Eminent Chinese of the Ch'ing Period/Liu Ch'ang-yu

3645494Eminent Chinese of the Ch'ing Period, Volume 1 — Liu Ch'ang-yuTêng Ssŭ-yü

LIU Ch'ang-yu 劉長佑 (T. 子默, H. 印渠 or 蔭渠), Dec. 16, 1818–1887, Aug. 14, was a general of Hsin-ning, Hunan. The son of a merchant, he became a senior licentiate in 1849. In Peking he became the friend of Chiang Chung-yüan [q. v.] whom he accompanied to Kwangsi in 1852 to help put down the Taiping Rebellion. In 1853 he led a detachment of 500 Hunanese to the rescue of Nanchang, Kiangsi, and Luchow, Anhwei, which were besieged by the insurgents. In 1855 his force was enlarged and by the following year he had 5,000 soldiers under his command with whom he again went to the relief of Kiangsi—on his way taking Yüan-chou from the rebels. Chagrined by reverses, he attempted to commit suicide in 1857. But heartened by the sympathy of the people and by reinforcements from Hunan, his morale as well as that of his soldiers was revived and he laid siege to Lin-chiang in the same province. As a reward for taking the city, he was promoted (1858) to the rank of a lieutenant-governor. After a few months' leave on grounds of illness he resumed his task, bravely fighting the rebels at Chien-ch'ang, and forcing them eastward to Fukien. When the fierce Taiping leader, Shih Ta-k'ai [q. v.], invaded South Hunan (1859), Liu was ordered to the front to co-operate with other generals in driving the invaders to Kwangsi—a task achieved only after severe fighting. Thereupon he pursued Shih's force from Kuei-lin to Ch'ing-yüan and thence through many other towns on the mountainous borders of Hunan, Kwangtung, and Kwangsi. Of the last-named province, he was made governor in 1860.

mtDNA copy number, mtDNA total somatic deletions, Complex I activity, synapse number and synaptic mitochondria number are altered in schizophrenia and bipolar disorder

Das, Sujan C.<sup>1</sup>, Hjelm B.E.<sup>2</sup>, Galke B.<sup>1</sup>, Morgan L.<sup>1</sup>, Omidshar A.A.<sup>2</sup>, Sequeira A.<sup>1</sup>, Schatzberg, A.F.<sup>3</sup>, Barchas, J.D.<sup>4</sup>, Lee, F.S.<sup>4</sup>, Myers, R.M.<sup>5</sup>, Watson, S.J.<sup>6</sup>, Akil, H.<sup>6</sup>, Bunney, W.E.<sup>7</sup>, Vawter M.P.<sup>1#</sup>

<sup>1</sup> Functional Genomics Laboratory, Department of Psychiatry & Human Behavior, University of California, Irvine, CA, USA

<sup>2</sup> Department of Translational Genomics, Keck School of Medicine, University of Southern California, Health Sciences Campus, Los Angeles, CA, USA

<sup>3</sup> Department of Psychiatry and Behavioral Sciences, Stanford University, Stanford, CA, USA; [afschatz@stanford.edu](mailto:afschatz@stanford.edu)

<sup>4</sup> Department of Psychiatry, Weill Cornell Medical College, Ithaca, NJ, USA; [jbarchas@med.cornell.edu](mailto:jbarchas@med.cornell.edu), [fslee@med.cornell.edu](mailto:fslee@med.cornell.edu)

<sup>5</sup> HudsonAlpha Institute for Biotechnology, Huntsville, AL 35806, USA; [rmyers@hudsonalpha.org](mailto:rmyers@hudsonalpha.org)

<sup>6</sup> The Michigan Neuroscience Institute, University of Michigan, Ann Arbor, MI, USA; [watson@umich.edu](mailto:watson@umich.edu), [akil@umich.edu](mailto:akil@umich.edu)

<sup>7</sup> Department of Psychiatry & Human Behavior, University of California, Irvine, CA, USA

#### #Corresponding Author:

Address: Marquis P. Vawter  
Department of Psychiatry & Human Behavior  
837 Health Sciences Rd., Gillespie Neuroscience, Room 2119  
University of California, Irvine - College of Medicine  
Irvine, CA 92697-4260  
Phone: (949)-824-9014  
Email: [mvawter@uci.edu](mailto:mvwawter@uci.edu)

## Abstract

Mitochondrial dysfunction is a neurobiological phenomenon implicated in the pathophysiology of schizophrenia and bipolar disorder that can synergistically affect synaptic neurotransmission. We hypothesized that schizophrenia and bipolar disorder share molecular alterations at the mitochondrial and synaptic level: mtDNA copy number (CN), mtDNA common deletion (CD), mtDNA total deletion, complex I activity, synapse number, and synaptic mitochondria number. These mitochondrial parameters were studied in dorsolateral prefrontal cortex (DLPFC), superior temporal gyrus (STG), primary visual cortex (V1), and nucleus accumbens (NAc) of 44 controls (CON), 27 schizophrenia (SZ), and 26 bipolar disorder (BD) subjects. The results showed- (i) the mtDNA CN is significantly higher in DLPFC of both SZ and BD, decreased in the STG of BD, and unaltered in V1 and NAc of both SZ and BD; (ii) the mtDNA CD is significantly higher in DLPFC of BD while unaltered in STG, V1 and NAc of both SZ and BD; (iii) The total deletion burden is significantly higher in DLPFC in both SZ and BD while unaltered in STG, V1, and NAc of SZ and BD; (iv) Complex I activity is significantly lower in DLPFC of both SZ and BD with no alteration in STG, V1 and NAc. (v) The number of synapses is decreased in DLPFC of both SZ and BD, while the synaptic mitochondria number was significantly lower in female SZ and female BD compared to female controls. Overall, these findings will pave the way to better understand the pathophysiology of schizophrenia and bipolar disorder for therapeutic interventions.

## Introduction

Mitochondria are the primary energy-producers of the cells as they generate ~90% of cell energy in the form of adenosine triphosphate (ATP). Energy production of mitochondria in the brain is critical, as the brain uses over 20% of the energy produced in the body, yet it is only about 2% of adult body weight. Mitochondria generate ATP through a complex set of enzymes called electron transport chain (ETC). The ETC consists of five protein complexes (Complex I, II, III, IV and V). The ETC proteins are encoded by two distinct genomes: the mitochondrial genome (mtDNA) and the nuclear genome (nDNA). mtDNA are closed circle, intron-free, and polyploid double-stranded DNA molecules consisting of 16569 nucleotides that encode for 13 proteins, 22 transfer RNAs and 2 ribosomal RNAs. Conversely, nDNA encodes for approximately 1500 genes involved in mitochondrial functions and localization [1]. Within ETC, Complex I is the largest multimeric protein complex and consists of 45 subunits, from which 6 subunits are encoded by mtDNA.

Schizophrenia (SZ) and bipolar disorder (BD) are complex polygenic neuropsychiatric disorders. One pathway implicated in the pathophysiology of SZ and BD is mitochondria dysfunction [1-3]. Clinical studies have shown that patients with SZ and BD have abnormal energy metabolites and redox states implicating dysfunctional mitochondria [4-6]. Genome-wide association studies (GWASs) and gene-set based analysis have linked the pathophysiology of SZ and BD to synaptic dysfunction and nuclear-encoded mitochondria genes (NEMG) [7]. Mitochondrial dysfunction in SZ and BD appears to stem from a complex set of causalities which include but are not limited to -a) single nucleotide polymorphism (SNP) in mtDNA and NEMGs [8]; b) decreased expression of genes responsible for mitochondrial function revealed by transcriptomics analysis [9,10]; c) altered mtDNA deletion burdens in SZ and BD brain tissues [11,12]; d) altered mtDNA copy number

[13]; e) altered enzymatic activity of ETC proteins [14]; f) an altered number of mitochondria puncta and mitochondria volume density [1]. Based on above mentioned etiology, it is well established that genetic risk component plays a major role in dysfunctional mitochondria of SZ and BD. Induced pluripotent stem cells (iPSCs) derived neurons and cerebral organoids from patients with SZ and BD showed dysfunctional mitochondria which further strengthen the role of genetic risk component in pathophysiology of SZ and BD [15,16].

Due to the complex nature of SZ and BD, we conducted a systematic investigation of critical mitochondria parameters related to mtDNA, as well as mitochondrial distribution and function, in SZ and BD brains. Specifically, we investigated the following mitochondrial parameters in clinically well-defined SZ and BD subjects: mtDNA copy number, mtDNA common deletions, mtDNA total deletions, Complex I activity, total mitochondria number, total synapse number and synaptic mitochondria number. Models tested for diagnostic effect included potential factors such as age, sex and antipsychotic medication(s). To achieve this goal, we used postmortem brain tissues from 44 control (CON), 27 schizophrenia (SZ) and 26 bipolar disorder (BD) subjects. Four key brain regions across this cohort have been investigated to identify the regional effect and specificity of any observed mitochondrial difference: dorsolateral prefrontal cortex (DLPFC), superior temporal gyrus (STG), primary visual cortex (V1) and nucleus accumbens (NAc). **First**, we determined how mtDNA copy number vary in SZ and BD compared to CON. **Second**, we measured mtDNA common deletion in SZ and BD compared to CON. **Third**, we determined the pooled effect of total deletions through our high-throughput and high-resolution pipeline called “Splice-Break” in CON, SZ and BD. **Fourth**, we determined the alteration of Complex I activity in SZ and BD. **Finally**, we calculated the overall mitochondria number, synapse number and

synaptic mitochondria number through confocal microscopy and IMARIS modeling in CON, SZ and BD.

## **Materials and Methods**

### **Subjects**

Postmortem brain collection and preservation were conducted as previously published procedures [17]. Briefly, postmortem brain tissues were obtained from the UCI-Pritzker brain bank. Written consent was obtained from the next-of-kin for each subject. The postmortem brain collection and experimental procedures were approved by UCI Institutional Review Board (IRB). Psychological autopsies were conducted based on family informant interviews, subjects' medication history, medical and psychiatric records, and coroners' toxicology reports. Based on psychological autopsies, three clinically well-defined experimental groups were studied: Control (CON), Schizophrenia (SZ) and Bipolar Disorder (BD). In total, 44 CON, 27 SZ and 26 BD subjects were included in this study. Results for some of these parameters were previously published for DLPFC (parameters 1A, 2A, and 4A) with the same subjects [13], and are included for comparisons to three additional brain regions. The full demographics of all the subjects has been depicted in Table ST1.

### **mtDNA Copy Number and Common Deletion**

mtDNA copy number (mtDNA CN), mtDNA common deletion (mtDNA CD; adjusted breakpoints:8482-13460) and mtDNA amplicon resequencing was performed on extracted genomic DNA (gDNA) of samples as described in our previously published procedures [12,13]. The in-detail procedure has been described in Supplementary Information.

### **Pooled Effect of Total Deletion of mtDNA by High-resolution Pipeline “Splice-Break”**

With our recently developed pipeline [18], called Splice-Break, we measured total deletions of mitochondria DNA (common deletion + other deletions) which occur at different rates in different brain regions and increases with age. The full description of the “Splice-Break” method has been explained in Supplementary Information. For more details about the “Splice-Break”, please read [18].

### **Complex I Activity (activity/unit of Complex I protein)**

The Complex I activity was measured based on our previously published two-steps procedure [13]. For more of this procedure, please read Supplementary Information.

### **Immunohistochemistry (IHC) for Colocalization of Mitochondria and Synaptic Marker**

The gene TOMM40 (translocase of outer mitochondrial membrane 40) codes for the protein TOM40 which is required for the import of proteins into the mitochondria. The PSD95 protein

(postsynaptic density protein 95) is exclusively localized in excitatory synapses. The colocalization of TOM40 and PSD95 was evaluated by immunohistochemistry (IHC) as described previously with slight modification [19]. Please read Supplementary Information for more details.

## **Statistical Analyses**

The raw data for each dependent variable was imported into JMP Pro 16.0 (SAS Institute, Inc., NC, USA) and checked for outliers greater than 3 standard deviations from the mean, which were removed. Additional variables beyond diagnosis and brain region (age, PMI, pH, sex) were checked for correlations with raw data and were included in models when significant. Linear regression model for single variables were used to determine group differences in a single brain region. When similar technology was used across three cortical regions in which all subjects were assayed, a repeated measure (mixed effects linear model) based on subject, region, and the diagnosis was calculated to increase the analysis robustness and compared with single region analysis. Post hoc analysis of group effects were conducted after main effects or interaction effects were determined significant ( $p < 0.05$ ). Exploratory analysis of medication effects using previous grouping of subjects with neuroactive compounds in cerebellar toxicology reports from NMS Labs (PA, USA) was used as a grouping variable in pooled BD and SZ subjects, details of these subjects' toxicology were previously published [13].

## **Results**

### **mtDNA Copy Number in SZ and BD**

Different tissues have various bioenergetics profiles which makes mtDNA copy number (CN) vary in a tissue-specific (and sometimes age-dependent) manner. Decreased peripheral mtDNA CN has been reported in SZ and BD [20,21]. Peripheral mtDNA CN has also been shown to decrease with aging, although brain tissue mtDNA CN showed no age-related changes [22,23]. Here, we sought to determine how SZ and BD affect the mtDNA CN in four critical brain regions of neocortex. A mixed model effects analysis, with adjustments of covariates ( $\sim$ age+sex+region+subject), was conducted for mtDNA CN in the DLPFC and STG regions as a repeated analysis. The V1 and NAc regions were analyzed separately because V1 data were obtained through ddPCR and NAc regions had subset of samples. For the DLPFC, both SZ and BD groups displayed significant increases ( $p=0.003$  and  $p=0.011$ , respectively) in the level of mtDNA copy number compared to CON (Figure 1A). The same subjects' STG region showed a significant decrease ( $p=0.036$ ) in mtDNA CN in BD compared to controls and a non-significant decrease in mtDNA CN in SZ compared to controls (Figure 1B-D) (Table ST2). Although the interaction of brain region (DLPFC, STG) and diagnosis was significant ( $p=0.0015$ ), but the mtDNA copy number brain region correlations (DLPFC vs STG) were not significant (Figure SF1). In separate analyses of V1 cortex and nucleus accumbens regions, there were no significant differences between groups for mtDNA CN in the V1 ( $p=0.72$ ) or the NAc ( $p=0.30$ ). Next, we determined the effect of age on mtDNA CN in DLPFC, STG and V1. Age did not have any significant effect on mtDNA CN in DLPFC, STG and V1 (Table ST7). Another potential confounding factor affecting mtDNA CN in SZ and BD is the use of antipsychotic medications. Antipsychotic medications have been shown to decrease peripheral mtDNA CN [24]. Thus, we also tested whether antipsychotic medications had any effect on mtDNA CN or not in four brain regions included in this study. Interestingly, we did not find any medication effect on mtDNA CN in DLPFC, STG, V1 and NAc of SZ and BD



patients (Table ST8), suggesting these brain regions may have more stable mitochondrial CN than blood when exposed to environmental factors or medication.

During his two years as governor of Kwangsi Liu Ch'ang-yu had from time to time to fight against the roving forces of Shih Ta-k'ai and to subdue many other local uprisings in scattered towns and villages. At the same time he improved the administration of the provincial government, built ships, trained soldiers and made the province practically self-supporting, both from the standpoint of food and of military supplies. In the autumn of 1862 he was appointed governor-general of Kwangtung and Kwangsi, his task of bandit-suppression being turned over to Liu K'un-i [q. v.]. Shortly after assuming office he was granted an audience with the emperor and in the spring of 1863 was transferred to the governor-generalship of Chihli (1863–67), a region of China in which the Nien banditti (Nien-fei) were then very strong. As soon as he reached Tientsin on his way to Peking, he was ordered to undertake a punitive expedition against the brigands. Soon afterwards he was placed in command of a force to suppress trouble on the borders of Chihli, Shantung and Honan. Only at the close of the year (1863) did he find time to attend to civil affairs. But in 1865 Sêng-ko-lin-ch'in [q. v.], chief in command of bandit suppression, died on the battlefield. The Nien-fei became more threatening than ever and Liu Ch'ang-yu, for his failure to suppress them, incurred denunciation by the Board of Punishments. As soon as the bandits in south Chibli were cleared away he organized (1866) a sort of "navy" for use on the Yellow River, and increased his army to six divisions. In 1867 the Eastern Nien (see under Li Hung-chang) were routed by the navy, but while he was so occupied the cities of Paoting, Tientsin, and the suburbs of Peking were menaced by gangs of salt smugglers. For his failure to maintain order in the province, Liu was deprived of his post and stripped of his titles. But as the smugglers were shortly after suppressed he was given back, for previous merit, his button of the third rank, and when the Eastern Nien were finally exterminated he was raised to the second rank.

In June 1871 Liu Ch'ang-yu was recalled to be governor of Kwangtung, but soon was transferred to Kwangsi where, in co-operation with the king of Annam, he and Fêng Tzŭ-ts'ai [q. v.] put down brigands. Under his rule of some five years the province prospered. At the beginning of 1876 he was appointed governor-general of Yunnan and Kweichow. Convinced that France had ambitious designs on Annam he submitted, in 1881, a memorial to the throne suggesting resort to arms against the aggressor, by using the allied forces of Yunnan, Kwangtung and Kwangsi. Having repeatedly asked leave to retire, his request was granted in 1883. He died at his home in 1887 and was canonized as Wu-shên 武愼. Liu Ch'ang-yu's collected writings are entitled Liu Wu-shên kung i-shu (遺書), 24 chüan (1902).

[1/425/1a; 2/54/21a; 5/29/1a; 8/4/1a; Hsiang-chün chih (see bibl. of Tsêng Kuo-fan) chap. 1.]

Têng Ssŭ-yü